For example, Adam A5x or A7x with a sub7 or sub8.


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Re: External speaker & Amp -Closest to the acoustic piano
Ppff #2882882 08/23/19 09:46 PM
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Originally Posted by Ppff
Thanks for the reply.
May I ask why keyboard amp is not suitable for digital piano?
I thought they are supposed to build for the digital piano.
The studio monitor are mainly use for mix down, it may be good for hiphop and modern music but may not be suitable for classical piano.
When I listened the piano sound thru the headphone, it seems acceptable but I do not enjoy playing with my headphone all the time.
In terms of woofer size, what size of a monitor will give a clear lower octave sound, i.e. every note that I play on my Left hand is clean.
Thanks

Keyboard amps, like PA’s are designed to project sound a long way and fill a large space. There is a trade off between accuracy and projecting sound to fill a large space. Good quality nearfield monitors do the opposite— focus on accuracy at the expense of filling even a medium size space. Home stereo speakers are in the middle of that continuum.

Roland keyboard amps use standard piezoelectric horn tweeters that always have nasty peaks somewhere in the high end sufficient to compromise the voicing of a piano.

To amplify a digital piano for a performance, powered PA amps by QSC, JBL, Yamaha, or Electrovoice work better than many keyboard amps. There also are some high end keyboard amps that work as well as a good PA, but none of these are as accurate as a good quality nearfield monitor.


My chronological list of the top 20 composers: Bach, Handel, Haydn, Mozart, Beethoven, Schubert, Mendelssohn, Chopin, Schumann, Wagner, Verdi, Brahms, Dvorak, Tchaikovsky, Mahler, Debussy, Bartok, Stravinsky, Prokofiev, Shostakovich.
Re: External speaker & Amp -Closest to the acoustic piano
Ppff #2882883 08/23/19 10:00 PM
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Roland KC amps are about giving you a lot of loudness for the money. If you need to keep up with a guitarist and you have a moderate budget, a KC will do it for you. But piano is the hardest instrument to get sounding right, and the KC is the wrong tool for the job. You want something that is about accuracy rather than volume. In a small space for personal use, small studio monitors will do the job (a lot of people find the JBL LSR305 series to be a good value). For live band scenarios, quality PA speakers (EV, QSC, etc.) are good choices. Or for a self-contained multi-channel stereo amp, maybe look at Motion Sound.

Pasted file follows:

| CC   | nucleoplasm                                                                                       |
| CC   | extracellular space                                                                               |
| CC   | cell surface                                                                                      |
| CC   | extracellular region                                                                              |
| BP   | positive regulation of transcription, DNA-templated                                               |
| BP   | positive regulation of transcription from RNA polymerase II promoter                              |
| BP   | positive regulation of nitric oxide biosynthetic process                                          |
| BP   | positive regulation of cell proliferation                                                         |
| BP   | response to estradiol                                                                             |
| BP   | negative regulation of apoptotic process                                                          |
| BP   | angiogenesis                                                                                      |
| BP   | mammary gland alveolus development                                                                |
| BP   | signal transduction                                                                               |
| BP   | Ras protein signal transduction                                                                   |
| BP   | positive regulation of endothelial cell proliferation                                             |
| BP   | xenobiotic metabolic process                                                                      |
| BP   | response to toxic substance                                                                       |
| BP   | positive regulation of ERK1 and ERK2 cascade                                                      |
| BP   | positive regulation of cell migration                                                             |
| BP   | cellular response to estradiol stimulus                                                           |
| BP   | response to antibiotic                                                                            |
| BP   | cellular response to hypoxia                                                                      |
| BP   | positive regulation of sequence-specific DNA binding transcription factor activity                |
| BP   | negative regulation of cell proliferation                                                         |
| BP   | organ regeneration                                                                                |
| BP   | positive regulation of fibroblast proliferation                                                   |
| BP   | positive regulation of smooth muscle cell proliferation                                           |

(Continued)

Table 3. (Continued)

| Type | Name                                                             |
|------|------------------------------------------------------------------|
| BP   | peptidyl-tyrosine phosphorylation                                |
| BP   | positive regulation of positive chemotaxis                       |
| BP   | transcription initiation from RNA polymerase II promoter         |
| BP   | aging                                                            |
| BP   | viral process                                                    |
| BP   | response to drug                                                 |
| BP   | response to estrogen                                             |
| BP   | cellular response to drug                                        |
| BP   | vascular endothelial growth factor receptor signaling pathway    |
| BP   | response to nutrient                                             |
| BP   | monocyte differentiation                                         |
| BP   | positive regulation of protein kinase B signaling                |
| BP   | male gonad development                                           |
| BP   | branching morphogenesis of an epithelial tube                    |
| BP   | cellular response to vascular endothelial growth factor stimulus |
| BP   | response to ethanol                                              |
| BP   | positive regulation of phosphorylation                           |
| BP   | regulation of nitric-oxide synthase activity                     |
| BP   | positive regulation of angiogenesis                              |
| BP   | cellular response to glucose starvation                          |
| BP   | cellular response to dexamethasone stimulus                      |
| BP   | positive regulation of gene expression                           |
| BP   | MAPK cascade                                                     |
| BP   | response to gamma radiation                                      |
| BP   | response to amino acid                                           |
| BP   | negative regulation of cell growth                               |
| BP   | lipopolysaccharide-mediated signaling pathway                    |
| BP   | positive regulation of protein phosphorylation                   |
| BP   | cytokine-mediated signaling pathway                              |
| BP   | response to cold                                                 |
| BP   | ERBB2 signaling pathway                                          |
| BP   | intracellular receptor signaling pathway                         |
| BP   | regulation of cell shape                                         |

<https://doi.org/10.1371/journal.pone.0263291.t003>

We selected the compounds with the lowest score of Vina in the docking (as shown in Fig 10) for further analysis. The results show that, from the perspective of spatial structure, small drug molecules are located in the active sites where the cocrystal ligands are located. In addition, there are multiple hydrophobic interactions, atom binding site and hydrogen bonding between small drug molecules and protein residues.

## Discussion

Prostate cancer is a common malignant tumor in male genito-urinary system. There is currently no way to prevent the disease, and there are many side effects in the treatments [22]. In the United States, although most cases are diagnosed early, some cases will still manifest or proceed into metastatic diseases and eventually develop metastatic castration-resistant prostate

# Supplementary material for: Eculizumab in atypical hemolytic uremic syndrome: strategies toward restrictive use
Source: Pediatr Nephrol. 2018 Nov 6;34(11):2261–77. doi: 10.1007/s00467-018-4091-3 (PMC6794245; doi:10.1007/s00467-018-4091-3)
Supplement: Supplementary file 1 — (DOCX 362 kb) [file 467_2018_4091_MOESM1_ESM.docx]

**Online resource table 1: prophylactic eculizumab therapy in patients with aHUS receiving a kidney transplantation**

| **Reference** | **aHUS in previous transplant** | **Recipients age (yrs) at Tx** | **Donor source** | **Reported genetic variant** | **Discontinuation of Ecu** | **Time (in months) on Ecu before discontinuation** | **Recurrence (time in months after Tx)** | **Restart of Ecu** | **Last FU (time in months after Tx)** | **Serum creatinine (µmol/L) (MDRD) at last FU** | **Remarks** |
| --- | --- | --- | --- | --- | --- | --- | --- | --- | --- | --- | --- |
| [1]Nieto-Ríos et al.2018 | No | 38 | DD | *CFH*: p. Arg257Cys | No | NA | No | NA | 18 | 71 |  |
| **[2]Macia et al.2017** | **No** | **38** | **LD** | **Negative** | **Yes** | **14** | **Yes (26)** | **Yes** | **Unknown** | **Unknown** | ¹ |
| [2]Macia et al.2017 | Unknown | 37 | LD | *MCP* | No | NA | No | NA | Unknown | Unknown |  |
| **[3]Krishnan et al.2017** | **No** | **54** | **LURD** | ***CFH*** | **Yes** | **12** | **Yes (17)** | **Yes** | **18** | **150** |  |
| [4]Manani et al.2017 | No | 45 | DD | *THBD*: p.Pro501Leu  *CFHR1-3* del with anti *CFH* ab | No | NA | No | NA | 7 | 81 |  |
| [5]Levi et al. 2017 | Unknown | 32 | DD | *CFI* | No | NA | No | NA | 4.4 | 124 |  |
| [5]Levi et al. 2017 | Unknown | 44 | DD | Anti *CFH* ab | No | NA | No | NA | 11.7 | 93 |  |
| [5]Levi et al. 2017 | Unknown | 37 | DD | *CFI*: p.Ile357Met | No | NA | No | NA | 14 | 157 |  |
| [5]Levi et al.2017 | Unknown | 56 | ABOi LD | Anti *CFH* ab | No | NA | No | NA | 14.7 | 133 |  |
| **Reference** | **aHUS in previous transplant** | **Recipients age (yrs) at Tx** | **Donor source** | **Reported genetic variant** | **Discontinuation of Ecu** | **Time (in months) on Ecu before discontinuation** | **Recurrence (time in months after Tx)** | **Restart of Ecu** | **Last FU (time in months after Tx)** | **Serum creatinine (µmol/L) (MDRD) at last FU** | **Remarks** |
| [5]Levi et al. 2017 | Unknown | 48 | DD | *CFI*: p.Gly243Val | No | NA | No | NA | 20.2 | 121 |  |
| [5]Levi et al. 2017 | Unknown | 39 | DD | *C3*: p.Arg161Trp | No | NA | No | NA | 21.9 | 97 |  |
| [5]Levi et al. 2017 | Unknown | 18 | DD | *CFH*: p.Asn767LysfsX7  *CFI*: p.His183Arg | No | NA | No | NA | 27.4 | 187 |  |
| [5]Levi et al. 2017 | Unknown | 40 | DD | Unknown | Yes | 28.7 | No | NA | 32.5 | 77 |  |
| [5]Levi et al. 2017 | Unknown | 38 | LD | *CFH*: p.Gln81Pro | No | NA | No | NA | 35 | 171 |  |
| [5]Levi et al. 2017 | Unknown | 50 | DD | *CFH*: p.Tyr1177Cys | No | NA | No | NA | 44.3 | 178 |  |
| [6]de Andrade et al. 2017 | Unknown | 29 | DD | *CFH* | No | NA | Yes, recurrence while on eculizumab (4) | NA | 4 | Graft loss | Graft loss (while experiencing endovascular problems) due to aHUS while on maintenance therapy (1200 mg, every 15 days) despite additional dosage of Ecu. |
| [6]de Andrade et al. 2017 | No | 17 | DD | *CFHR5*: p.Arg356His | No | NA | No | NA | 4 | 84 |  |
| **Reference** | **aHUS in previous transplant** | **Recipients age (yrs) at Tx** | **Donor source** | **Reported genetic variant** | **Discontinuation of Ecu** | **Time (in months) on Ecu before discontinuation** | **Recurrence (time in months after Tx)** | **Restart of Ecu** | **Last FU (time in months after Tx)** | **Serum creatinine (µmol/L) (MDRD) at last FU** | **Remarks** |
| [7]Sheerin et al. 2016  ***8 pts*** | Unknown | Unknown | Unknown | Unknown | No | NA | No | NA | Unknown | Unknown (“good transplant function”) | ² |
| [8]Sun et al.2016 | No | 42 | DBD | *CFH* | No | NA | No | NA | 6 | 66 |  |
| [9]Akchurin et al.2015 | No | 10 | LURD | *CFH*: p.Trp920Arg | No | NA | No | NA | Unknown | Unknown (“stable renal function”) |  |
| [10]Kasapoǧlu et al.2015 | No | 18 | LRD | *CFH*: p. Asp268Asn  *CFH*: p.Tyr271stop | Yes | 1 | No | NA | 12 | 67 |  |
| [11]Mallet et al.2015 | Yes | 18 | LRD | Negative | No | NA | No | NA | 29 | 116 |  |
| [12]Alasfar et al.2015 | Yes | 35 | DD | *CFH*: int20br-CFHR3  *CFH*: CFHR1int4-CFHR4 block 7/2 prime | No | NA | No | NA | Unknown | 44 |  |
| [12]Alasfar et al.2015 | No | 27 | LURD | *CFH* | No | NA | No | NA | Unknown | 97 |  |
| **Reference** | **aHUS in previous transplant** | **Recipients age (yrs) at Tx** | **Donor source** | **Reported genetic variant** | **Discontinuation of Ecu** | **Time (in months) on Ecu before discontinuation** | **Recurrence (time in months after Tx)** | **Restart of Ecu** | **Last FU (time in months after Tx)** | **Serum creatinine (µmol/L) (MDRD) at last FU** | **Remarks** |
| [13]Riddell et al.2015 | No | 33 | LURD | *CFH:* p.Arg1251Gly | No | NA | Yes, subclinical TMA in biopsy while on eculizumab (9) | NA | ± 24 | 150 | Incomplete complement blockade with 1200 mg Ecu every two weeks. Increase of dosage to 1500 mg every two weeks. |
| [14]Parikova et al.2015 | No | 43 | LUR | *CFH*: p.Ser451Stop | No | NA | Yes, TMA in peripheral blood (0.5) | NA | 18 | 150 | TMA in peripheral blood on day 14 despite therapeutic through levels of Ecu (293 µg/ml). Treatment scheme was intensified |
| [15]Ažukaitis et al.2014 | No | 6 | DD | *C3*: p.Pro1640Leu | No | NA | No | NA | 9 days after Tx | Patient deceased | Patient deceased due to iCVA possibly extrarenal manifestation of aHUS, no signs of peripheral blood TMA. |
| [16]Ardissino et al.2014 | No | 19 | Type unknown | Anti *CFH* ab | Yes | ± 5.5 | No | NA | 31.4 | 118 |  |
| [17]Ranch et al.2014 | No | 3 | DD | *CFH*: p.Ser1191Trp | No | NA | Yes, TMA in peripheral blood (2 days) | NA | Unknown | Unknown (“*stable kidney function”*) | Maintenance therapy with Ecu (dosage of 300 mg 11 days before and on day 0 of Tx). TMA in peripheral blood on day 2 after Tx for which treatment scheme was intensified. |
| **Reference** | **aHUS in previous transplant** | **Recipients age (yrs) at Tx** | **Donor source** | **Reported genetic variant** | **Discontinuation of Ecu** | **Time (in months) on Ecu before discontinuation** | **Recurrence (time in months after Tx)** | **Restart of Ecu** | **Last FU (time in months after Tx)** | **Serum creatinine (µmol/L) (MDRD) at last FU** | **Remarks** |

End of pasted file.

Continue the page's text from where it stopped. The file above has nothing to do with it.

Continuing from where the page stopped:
Re: External speaker & Amp -Closest to the acoustic piano
Ppff #2882910 08/24/19 01:16 AM
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Originally Posted by Ppff
Thanks, I will see if I can find the EV ZX1 in Oz.
BTW, long ago, I have tried out a EV sentry monitor, it is a vintage piece, and it sounds terrible.
Sound is compressed and does not have the clarity that I am after, but things may change. This is just my first impression.
Apart from EV, is there any other active speakers or monitor.
What about Alesis??
Someone mentioned the monitor suppose to project sound directional and whereas PA speakers supposed to fill a room.
From a live run & home application, does anyone tried out Fender Passport type of setup or Stagepass from Peavey??
Any comment

Are you looking to amplify for a performance or to play for yourself? If the latter, don’t get a PA speaker. Compared to studio monitors, you will pay more for lower sound quality. I currently use a JBL EON 612 to amplify a keyboard for a performance. It is not perfect, but it meets my needs ok. It actually does better with piano sounds than it does with Nord organ sounds.

Digital pianos with a virtual piano technician feature can compensate for voicing problems with a PA, but it can be tedious.

I use JBL LSR305 studio monitors. I’m on my second pair (sold the first pair but didn’t like the monitors I acquired as a replacement/upgrade and bought another pair of LSR305’s). They have worked well for me, but apparently some people have received defective copies when purchasing that had issues with too loud of a noise floor with the tweeter amp. I don’t know how prevalent that issue is. JBL monitors are less directional than many other studio monitors, which is good for using them as keyboard monitors, but not so good for using them as mixing monitors. Presonus has monitors that are comparably priced but I’ve not used them.

KRK recently came out with their gen 4 monitors that are class D bi-amped and have a DSP room correction feature. By using class D amps it also addresses a problem with previous versions of KRK active monitors where their AB amps would overheat and circuitry would detect it and turn off the monitor while you are playing (or recording). KRK monitors in the past tended to accentuate mid-bass, but this may be fixed or fixable in the G4 products with DSP correction profiles.